How Organic Farming Can Reverse Climate Change
News Report

Rodale Institute announced yesterday the launch of a global campaign to generate public awareness of soil’s ability to reverse climate change, but only when the health of the soil is maintained through organic regenerative agriculture. The campaign calls for the restructuring of our global food system with the goal of reversing climate change through photosynthesis and biology. The white paper, Regenerative Organic Agriculture and Climate Change: A Down-to-Earth Solution to Global Warming, is the central tool of the campaign. The paper was penned by Rodale Institute, the independent 501(c)(3) nonprofit agricultural research institute widely recognized as the birthplace of the organic movement in the U.S.The white paper states that “We could sequester more than 100% of current annual CO2 emissions with a switch to widely available and inexpensive organic management practices, which we term ‘regenerative organic agriculture.’”If management of all current cropland shifted to reflect the regenerative model as practiced at the research sites included in the white paper, more than 40 percent of annual emissions could potentially be captured. If, at the same time, all global pasture was managed to a regenerative model, an additional 71 percent could be sequestered. Essentially, passing the 100 percent mark means a drawing down of excess greenhouse gases, resulting in the reversal of the greenhouse effect.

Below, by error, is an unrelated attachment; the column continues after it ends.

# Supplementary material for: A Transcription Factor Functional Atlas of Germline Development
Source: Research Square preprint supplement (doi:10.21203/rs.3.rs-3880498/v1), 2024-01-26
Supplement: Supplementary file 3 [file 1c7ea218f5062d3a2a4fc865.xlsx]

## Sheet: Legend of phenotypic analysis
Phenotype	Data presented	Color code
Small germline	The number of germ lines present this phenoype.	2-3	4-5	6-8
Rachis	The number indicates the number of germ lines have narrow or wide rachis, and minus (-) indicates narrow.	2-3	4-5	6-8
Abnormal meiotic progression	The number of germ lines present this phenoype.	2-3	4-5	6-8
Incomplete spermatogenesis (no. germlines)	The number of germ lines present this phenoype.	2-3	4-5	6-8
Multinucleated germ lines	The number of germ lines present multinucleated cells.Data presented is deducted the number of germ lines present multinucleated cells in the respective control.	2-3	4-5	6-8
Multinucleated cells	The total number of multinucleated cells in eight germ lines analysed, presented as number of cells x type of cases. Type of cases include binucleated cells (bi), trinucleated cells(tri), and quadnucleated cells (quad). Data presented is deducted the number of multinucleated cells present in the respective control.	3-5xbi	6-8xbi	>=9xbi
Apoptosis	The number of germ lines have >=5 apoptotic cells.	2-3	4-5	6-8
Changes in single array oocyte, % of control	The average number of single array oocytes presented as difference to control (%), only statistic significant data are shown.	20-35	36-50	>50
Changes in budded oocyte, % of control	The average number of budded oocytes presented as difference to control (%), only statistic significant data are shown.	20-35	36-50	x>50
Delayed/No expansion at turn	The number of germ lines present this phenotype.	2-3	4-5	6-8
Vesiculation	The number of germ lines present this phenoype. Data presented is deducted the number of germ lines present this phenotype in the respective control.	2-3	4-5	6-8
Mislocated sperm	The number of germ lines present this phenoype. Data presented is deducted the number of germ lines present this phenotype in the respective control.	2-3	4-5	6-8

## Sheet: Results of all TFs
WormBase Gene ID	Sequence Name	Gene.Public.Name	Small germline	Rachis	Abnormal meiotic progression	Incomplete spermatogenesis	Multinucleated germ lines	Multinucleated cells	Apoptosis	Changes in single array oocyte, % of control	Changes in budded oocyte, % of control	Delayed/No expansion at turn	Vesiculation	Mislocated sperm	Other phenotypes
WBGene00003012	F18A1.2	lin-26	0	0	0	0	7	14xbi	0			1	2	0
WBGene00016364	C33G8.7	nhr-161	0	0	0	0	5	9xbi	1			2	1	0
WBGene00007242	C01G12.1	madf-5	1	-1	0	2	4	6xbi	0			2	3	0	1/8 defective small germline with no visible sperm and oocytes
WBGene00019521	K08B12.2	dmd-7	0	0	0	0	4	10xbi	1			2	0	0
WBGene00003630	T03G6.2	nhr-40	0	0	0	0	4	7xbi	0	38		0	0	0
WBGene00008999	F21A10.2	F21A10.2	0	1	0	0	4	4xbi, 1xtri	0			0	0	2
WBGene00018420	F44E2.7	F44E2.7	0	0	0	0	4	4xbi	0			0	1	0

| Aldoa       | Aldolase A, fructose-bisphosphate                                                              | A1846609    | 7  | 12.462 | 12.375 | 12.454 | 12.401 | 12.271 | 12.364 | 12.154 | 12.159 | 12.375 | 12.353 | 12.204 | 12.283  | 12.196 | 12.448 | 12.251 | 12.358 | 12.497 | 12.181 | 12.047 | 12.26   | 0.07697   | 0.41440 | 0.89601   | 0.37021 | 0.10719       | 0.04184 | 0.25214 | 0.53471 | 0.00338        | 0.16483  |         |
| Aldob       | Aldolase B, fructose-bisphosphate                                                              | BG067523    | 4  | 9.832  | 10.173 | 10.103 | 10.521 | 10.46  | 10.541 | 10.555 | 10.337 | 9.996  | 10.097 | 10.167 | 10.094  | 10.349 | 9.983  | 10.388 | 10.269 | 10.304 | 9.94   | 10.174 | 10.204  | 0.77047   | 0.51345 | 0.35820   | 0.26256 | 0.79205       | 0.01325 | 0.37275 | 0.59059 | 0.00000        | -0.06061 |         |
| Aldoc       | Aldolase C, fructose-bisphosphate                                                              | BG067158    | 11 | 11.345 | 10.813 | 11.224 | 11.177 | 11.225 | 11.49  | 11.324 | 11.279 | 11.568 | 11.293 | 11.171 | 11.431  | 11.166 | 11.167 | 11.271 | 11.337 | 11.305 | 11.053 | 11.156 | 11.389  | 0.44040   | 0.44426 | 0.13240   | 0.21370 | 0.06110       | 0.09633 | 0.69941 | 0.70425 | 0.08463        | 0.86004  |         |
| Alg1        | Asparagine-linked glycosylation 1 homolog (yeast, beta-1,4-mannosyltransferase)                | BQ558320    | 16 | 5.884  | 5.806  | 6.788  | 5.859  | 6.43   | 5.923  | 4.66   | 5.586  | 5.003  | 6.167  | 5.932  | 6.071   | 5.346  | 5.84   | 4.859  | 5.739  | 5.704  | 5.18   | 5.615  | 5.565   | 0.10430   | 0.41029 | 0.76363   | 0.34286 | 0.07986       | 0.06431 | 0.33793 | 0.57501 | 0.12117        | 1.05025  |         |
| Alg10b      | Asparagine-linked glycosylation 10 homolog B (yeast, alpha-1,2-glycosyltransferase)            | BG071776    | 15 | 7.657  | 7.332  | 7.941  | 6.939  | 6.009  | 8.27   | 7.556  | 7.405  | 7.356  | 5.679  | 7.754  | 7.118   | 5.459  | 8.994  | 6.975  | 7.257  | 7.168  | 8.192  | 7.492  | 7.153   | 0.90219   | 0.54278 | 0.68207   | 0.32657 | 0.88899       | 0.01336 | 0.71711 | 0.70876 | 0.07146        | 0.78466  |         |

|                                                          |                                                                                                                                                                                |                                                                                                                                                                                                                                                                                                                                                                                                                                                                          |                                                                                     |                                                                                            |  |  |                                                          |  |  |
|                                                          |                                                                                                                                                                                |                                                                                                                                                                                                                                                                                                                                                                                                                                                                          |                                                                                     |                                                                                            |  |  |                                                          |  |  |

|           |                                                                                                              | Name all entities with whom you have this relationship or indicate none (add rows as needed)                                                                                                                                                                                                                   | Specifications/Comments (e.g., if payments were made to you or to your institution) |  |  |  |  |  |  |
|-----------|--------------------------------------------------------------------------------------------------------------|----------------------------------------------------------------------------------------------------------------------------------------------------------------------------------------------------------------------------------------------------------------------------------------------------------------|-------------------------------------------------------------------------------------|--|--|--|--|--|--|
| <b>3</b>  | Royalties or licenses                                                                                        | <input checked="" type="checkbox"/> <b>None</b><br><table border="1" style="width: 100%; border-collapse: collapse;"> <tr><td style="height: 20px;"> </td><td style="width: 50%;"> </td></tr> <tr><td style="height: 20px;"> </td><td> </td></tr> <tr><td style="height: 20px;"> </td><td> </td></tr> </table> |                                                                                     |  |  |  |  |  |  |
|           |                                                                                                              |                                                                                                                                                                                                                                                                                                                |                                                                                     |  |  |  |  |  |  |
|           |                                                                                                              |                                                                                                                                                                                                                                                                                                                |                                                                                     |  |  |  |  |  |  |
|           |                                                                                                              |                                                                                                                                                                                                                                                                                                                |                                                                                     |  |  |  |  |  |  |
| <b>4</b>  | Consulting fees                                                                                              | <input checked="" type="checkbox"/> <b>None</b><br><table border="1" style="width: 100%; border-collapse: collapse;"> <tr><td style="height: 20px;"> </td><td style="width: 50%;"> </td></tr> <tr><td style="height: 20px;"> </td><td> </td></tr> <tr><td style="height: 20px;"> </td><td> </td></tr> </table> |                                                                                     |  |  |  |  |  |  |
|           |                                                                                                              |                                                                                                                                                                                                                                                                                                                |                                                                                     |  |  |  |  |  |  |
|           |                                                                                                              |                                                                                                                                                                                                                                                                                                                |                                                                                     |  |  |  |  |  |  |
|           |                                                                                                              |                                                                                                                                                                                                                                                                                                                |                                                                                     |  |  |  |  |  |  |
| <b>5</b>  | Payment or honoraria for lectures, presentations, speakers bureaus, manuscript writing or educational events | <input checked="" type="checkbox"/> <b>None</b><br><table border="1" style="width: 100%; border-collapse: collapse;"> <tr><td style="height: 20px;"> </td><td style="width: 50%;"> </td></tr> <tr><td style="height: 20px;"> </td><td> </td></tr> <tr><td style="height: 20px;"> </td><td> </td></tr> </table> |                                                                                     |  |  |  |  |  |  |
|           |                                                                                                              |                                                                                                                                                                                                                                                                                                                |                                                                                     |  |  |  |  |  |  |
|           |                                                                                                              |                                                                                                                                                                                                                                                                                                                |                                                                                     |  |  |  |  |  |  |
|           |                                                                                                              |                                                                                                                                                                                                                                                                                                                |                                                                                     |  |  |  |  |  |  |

Todd Miller